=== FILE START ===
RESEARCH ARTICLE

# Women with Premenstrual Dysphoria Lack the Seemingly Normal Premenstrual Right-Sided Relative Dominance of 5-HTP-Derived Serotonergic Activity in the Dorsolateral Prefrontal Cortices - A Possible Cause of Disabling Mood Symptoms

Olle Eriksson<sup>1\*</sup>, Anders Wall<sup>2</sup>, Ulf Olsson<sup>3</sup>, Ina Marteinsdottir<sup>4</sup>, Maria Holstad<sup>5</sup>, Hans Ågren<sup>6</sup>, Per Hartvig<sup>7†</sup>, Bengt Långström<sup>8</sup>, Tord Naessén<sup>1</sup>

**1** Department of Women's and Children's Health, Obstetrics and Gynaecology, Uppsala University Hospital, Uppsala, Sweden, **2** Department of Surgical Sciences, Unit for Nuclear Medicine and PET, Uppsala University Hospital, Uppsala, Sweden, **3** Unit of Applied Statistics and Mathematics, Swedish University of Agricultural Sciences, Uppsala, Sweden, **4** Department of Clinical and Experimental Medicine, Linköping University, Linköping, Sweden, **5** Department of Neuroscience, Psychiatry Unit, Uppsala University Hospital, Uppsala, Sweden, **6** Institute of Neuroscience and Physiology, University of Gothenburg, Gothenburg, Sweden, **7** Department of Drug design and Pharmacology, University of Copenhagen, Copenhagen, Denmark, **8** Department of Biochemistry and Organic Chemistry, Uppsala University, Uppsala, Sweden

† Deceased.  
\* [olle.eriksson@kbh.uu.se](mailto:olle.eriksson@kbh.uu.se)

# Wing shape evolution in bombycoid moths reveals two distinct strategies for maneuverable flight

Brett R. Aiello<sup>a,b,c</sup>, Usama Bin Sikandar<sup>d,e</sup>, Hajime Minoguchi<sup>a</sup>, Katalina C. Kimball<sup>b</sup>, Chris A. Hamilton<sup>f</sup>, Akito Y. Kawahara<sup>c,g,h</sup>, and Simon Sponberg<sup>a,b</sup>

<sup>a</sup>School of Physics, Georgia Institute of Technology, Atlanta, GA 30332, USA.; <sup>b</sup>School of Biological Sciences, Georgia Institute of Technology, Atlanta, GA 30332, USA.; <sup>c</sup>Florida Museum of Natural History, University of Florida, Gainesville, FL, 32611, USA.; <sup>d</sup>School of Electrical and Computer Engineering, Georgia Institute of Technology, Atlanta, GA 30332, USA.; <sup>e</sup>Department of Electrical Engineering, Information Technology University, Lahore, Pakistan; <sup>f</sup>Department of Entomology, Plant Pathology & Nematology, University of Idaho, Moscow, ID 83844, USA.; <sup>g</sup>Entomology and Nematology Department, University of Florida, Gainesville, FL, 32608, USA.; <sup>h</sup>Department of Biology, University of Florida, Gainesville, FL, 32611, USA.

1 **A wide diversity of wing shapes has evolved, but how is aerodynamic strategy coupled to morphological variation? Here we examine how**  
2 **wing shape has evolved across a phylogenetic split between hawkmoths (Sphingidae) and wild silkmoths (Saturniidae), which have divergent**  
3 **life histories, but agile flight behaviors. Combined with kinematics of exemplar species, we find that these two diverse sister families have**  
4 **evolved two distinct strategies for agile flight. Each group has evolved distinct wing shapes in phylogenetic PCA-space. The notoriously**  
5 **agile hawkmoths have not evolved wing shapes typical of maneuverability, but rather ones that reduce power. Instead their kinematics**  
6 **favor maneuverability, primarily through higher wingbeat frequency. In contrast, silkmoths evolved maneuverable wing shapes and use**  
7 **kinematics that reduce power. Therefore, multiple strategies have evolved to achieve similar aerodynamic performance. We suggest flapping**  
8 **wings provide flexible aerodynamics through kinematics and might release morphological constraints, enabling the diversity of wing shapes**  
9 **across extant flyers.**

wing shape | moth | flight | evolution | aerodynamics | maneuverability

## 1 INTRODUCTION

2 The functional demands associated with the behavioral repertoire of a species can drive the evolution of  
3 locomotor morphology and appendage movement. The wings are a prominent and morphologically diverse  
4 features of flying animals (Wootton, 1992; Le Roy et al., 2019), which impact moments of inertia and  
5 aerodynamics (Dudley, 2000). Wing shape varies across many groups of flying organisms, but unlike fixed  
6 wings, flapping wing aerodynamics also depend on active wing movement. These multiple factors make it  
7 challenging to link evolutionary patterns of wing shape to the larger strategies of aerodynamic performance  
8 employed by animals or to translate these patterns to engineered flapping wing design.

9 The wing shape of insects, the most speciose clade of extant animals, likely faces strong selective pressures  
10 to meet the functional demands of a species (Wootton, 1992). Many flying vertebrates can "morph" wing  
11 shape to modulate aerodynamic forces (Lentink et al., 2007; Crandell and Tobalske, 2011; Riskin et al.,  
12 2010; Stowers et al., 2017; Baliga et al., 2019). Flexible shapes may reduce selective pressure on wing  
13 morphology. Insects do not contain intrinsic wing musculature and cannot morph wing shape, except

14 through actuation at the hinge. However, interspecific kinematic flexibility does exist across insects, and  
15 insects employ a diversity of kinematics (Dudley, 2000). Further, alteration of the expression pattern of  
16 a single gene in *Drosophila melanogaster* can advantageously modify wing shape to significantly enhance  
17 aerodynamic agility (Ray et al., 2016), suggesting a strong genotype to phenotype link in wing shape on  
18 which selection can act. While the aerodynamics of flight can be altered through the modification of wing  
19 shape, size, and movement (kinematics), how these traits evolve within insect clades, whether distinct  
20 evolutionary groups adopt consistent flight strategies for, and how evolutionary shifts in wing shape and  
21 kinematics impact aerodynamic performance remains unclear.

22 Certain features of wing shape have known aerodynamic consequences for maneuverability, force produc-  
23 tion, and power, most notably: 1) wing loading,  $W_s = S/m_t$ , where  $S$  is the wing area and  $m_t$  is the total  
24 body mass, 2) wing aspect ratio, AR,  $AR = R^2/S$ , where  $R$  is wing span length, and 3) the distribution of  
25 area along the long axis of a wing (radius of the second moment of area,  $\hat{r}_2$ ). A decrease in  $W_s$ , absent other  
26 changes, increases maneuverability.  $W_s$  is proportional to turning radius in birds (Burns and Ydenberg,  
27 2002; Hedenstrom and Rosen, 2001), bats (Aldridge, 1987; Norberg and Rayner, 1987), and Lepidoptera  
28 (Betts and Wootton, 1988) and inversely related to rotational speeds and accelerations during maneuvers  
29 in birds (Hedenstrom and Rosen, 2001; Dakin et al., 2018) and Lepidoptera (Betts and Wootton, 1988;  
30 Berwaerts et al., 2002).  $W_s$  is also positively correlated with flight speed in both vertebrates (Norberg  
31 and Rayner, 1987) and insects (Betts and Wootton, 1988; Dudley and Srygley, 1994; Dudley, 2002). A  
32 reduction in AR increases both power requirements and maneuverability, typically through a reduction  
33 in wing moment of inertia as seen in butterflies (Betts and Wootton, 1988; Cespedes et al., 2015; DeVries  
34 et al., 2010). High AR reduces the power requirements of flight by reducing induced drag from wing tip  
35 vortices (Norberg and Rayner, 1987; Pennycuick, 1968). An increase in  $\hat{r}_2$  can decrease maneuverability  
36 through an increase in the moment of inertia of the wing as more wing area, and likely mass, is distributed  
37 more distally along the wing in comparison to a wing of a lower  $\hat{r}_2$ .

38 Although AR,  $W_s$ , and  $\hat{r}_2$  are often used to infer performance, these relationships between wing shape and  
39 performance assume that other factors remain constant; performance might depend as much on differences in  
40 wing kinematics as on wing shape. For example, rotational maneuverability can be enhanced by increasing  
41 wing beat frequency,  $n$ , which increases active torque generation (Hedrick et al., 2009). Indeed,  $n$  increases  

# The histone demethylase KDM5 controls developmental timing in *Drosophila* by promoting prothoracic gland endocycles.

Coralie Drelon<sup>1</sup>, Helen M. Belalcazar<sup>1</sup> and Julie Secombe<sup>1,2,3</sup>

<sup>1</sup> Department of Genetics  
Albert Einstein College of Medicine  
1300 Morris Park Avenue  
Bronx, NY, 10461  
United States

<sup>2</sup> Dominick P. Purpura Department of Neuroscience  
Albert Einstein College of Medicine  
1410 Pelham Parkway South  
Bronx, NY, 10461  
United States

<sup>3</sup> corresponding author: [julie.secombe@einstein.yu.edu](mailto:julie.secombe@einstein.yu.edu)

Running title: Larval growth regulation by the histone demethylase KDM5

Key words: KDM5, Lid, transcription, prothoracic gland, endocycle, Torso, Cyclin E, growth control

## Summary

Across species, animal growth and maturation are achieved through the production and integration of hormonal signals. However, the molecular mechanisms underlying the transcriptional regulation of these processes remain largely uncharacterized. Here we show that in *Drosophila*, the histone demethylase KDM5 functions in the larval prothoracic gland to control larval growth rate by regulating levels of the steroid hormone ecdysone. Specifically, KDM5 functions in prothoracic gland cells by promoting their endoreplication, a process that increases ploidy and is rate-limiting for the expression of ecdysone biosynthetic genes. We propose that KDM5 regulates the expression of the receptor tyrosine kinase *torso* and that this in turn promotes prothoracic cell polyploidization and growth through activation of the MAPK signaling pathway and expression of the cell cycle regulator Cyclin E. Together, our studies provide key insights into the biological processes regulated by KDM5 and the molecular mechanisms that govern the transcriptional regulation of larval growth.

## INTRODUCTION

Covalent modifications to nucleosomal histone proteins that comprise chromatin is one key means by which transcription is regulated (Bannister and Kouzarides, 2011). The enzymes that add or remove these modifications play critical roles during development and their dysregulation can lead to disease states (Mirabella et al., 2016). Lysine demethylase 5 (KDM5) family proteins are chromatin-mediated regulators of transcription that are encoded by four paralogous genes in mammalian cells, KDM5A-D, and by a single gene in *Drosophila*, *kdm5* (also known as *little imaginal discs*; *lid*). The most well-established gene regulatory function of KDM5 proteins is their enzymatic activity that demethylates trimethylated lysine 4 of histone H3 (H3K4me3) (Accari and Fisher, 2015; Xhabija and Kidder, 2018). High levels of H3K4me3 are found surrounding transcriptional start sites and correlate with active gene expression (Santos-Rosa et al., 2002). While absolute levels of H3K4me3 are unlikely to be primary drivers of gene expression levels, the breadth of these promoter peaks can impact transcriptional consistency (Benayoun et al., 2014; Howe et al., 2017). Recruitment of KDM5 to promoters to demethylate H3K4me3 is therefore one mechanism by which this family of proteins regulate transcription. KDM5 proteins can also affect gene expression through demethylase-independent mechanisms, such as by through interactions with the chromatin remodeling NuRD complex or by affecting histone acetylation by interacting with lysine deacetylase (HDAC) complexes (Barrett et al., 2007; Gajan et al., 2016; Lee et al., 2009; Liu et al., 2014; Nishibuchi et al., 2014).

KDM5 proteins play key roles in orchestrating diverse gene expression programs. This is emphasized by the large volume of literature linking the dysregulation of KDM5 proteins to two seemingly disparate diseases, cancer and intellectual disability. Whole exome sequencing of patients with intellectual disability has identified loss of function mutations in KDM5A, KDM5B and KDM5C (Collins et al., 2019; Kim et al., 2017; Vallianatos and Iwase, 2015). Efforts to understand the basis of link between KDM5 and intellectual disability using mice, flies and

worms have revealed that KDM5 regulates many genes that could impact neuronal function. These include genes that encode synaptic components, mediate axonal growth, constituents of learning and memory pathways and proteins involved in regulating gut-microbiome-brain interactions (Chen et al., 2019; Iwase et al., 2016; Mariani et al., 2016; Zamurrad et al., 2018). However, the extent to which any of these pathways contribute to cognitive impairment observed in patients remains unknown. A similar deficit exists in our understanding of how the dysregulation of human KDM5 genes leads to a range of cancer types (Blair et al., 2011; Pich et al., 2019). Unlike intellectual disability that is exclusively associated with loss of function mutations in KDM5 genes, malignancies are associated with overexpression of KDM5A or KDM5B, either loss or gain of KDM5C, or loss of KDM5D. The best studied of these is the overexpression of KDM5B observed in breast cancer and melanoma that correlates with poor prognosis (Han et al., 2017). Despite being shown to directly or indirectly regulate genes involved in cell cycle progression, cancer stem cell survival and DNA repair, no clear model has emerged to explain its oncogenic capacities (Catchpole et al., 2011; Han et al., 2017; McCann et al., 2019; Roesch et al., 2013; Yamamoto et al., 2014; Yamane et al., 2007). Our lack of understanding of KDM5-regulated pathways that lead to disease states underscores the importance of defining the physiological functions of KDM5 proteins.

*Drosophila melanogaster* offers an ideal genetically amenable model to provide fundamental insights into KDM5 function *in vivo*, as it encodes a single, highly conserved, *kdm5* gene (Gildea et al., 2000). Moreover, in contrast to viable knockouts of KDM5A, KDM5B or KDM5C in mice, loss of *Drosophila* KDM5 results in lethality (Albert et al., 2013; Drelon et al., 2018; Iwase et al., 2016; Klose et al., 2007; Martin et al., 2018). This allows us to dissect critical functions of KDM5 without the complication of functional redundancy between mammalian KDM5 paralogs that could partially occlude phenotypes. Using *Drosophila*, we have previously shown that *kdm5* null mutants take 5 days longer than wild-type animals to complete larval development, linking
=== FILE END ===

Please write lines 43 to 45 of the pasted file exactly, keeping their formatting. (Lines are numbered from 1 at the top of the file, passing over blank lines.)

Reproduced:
24 body mass, 2) wing aspect ratio, AR,  $AR = R^2/S$ , where  $R$  is wing span length, and 3) the distribution of  
25 area along the long axis of a wing (radius of the second moment of area,  $\hat{r}_2$ ). A decrease in  $W_s$ , absent other  
26 changes, increases maneuverability.  $W_s$  is proportional to turning radius in birds (Burns and Ydenberg,  